News


Guest Opinion: Tax revenues from Stanford lands support Palo Alto schools

Estimated $23.8 million for the Palo Alto school district was generated from commercial properties on university land

Stanford's application to Santa Clara County for a renewed land-use permit has initiated a robust community discussion about the role Stanford plays in Palo Alto and our other local communities. We welcome the dialogue, and we appreciate the opportunity to engage in a constructive and fact-based discussion about the shared future of Stanford and our region.

One topic of interest has been Stanford's financial contribution to the Palo Alto Unified School District (PAUSD). The ongoing success of Palo Alto's public schools is very important to the Stanford community, and Stanford has a long history of partnering with PAUSD in support of local public education.

Unfortunately, a number of comments have surfaced recently that potentially leave some with the impression that Stanford does not contribute financially to our schools or does not contribute its appropriate share. In addition, speculative assertions have been made that future Stanford housing would add 1,500 children to Palo Alto schools. That is not the case.

Stanford lands devoted to academic uses are tax exempt under the California Constitution, under the same provision that exempts property of local government, public schools, state universities and religious institutions. But Stanford also has devoted significant lands in the Stanford Research Park and at the Stanford Shopping Center to commercial uses that are not exempt and generate significant tax revenues for PAUSD. In addition, much of Stanford's housing is subject to property taxes that support PAUSD — including the 960 residences in our on-campus faculty neighborhoods, the 628 rental units in the Stanford West complex along Sand Hill Road and the new University Terrace neighborhood.

In Fiscal Year 2017-2018, an estimated $23.8 million for PAUSD was generated from just the commercial properties on Stanford lands, or about 10 percent of the district's income.

A substantial majority of PAUSD students who reside in Stanford housing live in residences that contribute property taxes to the school district. In the case of those who live in tax-exempt residences on campus, such as the Escondido Village housing for graduate-student families, the sizeable tax contribution from Stanford's commercial lands more than supports the cost of their enrollment in PAUSD.

Under Stanford's proposed 2018 General Use Permit, Stanford has asked to build up to 550 apartments for faculty and staff between now and 2035. If families with children were to occupy all of these units, PAUSD's student generation rate estimates there could be 275 school-age children. Stanford has not proposed future housing that would add 1,500 students.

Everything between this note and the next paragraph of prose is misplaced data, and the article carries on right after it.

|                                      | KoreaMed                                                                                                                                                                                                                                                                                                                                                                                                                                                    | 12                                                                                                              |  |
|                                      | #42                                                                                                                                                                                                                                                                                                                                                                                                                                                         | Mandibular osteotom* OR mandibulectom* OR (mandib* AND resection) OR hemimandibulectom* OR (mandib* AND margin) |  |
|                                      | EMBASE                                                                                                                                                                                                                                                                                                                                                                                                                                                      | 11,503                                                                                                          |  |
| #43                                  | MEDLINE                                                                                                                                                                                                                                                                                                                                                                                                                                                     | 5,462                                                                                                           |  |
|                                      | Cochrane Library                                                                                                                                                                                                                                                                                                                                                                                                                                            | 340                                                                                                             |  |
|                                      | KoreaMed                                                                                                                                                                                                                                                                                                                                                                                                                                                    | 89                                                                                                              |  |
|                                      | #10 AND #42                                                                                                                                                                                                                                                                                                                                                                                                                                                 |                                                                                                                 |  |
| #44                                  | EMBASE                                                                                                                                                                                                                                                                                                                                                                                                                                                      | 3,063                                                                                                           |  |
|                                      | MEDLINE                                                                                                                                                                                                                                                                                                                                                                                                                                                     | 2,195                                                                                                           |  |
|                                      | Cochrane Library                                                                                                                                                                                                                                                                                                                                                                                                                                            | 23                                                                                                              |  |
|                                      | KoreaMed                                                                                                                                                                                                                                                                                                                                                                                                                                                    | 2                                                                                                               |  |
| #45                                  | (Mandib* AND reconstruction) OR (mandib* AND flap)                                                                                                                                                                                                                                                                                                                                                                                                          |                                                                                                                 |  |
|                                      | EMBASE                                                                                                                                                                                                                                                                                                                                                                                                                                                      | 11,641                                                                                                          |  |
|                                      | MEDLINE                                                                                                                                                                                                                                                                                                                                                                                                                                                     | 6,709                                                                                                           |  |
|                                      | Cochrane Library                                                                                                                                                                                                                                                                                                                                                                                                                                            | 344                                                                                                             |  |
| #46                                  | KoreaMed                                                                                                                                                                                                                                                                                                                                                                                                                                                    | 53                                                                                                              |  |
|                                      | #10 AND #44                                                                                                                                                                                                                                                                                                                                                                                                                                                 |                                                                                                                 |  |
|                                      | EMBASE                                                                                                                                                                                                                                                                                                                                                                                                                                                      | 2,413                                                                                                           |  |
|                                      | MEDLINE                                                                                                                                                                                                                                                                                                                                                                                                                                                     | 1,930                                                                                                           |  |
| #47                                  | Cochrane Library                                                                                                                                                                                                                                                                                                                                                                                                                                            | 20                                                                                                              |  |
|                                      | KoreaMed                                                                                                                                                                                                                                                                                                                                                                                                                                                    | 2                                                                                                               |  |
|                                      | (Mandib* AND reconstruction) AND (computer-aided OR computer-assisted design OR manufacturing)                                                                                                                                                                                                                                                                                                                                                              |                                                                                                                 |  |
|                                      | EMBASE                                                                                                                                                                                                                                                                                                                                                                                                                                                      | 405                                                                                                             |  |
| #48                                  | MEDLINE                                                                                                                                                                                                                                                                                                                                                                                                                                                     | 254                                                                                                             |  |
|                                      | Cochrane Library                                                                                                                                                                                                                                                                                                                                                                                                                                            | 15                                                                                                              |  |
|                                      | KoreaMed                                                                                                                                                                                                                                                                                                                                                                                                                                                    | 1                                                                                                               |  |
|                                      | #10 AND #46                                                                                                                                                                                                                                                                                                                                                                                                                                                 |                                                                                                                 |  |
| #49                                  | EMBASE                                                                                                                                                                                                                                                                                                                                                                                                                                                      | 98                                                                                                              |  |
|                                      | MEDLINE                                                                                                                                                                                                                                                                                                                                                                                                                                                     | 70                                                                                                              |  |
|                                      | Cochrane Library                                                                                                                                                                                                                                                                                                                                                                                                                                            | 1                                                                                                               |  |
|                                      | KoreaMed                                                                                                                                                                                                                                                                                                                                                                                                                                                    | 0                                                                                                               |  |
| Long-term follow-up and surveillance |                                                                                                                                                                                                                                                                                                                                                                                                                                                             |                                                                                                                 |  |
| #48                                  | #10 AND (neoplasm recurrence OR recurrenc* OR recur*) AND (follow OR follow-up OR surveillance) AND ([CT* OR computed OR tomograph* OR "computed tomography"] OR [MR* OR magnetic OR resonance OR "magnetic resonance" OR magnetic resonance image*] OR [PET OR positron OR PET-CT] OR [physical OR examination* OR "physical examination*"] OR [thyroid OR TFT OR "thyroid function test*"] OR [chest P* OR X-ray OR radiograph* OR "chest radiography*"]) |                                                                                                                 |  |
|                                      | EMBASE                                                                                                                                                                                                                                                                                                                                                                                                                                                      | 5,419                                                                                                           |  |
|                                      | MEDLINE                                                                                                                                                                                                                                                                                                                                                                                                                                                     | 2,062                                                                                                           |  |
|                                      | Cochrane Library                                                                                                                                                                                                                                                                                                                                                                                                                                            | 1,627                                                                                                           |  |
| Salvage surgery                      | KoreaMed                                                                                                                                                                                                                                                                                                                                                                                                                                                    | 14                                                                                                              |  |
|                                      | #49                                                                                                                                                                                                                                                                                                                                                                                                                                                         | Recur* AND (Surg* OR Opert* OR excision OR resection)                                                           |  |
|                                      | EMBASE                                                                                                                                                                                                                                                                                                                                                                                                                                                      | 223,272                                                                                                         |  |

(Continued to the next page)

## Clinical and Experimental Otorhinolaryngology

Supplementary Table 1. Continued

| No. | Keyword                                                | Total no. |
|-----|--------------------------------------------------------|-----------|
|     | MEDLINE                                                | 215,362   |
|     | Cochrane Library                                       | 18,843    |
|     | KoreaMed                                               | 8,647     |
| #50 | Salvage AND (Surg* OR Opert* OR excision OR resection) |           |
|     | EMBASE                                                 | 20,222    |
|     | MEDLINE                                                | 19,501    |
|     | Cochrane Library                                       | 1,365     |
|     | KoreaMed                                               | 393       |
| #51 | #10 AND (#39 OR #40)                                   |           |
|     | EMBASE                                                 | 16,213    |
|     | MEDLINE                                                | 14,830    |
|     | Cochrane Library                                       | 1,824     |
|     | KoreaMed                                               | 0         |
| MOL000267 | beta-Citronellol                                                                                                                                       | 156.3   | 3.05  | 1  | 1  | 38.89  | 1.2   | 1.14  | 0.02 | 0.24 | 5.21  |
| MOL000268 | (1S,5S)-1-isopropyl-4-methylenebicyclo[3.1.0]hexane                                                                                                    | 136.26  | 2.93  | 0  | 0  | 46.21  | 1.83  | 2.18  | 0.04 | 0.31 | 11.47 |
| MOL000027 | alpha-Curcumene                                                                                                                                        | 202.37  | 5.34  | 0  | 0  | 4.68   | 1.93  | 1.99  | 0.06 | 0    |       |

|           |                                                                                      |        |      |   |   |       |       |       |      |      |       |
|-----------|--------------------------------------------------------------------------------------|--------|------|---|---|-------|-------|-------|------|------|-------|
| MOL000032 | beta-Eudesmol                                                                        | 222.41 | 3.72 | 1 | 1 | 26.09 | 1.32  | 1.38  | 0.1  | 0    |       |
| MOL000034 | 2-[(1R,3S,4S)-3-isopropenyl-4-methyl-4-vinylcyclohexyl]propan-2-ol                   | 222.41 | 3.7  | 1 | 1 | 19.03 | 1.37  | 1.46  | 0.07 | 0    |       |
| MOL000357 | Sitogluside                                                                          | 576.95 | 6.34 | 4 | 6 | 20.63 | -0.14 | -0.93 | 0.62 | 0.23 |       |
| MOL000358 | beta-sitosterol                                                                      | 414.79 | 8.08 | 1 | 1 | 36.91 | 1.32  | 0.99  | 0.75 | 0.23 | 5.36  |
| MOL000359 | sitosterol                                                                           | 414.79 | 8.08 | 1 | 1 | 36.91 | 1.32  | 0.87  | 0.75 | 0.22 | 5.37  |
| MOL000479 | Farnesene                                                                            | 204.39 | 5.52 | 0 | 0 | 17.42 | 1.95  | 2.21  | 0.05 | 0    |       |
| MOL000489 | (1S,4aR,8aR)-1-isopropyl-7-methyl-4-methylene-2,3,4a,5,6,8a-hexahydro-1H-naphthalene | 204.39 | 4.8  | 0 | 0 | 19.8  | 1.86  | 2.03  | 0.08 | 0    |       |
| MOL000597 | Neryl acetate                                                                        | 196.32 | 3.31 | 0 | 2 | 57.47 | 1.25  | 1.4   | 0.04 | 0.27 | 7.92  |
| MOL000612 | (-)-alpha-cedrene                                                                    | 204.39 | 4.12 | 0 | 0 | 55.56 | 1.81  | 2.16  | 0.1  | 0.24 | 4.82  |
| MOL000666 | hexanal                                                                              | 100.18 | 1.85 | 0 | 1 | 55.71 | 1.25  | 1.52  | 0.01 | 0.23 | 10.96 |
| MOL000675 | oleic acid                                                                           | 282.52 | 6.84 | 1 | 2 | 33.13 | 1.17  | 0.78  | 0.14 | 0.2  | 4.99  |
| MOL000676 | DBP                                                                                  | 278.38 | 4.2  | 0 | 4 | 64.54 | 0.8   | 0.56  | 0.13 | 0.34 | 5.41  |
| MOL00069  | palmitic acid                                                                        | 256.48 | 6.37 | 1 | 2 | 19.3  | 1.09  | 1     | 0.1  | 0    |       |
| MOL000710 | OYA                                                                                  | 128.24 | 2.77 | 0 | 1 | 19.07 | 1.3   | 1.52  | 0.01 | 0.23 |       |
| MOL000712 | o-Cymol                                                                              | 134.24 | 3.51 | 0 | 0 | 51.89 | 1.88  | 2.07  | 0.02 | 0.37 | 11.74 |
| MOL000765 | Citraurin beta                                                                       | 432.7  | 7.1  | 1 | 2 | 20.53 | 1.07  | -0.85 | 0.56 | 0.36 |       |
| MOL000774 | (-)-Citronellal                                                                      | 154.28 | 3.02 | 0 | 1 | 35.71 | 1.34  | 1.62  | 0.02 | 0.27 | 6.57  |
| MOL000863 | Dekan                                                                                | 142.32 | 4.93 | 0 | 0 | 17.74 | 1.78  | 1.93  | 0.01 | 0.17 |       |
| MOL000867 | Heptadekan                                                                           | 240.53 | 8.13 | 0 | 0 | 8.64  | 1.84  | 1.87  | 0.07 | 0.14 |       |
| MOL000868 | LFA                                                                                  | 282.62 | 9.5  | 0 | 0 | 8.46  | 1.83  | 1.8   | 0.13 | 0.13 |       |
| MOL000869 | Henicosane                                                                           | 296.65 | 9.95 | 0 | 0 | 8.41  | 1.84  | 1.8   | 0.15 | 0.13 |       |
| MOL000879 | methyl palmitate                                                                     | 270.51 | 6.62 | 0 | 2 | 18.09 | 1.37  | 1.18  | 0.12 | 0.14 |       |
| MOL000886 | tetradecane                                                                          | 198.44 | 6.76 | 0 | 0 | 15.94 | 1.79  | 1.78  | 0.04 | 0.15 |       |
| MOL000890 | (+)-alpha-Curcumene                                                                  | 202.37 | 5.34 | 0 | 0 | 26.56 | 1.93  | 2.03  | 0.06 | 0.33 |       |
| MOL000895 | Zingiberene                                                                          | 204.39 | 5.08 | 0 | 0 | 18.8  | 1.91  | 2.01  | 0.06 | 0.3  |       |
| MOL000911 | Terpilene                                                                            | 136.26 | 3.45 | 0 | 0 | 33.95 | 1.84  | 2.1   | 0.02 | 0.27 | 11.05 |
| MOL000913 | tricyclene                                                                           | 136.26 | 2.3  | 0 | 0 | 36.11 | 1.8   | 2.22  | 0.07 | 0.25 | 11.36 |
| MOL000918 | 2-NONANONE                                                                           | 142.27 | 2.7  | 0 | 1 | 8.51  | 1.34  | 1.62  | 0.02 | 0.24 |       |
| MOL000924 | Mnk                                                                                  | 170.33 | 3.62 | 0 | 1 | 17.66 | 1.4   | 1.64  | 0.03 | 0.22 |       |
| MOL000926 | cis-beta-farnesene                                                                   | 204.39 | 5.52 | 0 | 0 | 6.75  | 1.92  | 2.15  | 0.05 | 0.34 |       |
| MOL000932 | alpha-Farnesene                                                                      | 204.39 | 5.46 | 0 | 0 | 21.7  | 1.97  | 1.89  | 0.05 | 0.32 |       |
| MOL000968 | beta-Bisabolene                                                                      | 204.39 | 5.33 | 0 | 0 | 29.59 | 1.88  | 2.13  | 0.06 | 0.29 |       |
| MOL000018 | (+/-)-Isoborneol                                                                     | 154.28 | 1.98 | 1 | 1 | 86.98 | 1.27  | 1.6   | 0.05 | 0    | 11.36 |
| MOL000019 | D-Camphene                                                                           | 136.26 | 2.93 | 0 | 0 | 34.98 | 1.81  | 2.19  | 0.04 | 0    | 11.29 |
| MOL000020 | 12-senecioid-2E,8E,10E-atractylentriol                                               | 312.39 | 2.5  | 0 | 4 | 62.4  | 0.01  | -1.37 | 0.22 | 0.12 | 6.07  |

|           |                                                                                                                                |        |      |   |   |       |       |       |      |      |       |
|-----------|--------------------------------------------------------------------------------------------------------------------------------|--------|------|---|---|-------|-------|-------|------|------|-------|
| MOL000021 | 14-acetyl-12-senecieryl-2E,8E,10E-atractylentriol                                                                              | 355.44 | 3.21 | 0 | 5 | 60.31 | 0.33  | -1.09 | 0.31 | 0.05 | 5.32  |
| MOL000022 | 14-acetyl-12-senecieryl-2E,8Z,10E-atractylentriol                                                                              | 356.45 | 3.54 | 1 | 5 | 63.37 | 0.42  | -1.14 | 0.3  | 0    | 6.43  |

Data from the 2016-2017 school year shows that students living in tax-exempt Stanford residences represented less than 2 percent of PAUSD students — yet, tax revenue from Stanford's commercial lands alone contributed nearly 10 percent of PAUSD's income that year. This tax revenue would continue to more than support new students from Stanford's housing.

Stanford's support for Palo Alto's schools extends beyond current tax revenue, of course. Stanford has provided much of the land for Palo Alto schools. Today, four schools are located on 112 acres previously owned by the university — Palo Alto High School, Gunn High School, Escondido Elementary School and Nixon Elementary School. These lands comprise 40 percent of the current PAUSD land portfolio.

We have also supported the education, safety and wellness of students through community partnerships with Project Safety Net, Safe Routes to Schools and Abilities United Employment Services Program. The Lucile Packard Children's Hospital School Program is a unique collaboration between PAUSD and the hospital that provides quality education to critically and chronically ill children.

Stanford is committed to its partnership with PAUSD and to addressing the District's concerns about how to best serve new students as Stanford's future housing plans take shape. Moreover, as we plan for Stanford's future over the next 20 years, Stanford welcomes the community's input on key issues of concern. The university's original application was carefully structured to minimize the impact of Stanford's academic mission on our neighbors, and we are pursuing additional solutions that are responsive to the concerns of local residents. More information is available at gup.stanford.edu.

Jean McCown is associate vice president for government and community relations at Stanford University. She can be reached at communityrelations@stanford.edu.

Related content:

Stanford offers new plan to tackle affordable housing

School district criticizes county's Stanford housing study

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Comments

113 people like this
Posted by Todd Collins
a resident of Barron Park
on Aug 3, 2018 at 12:11 am

I'm disappointed to see Stanford continue to make misleading statements about their contributions to PAUSD.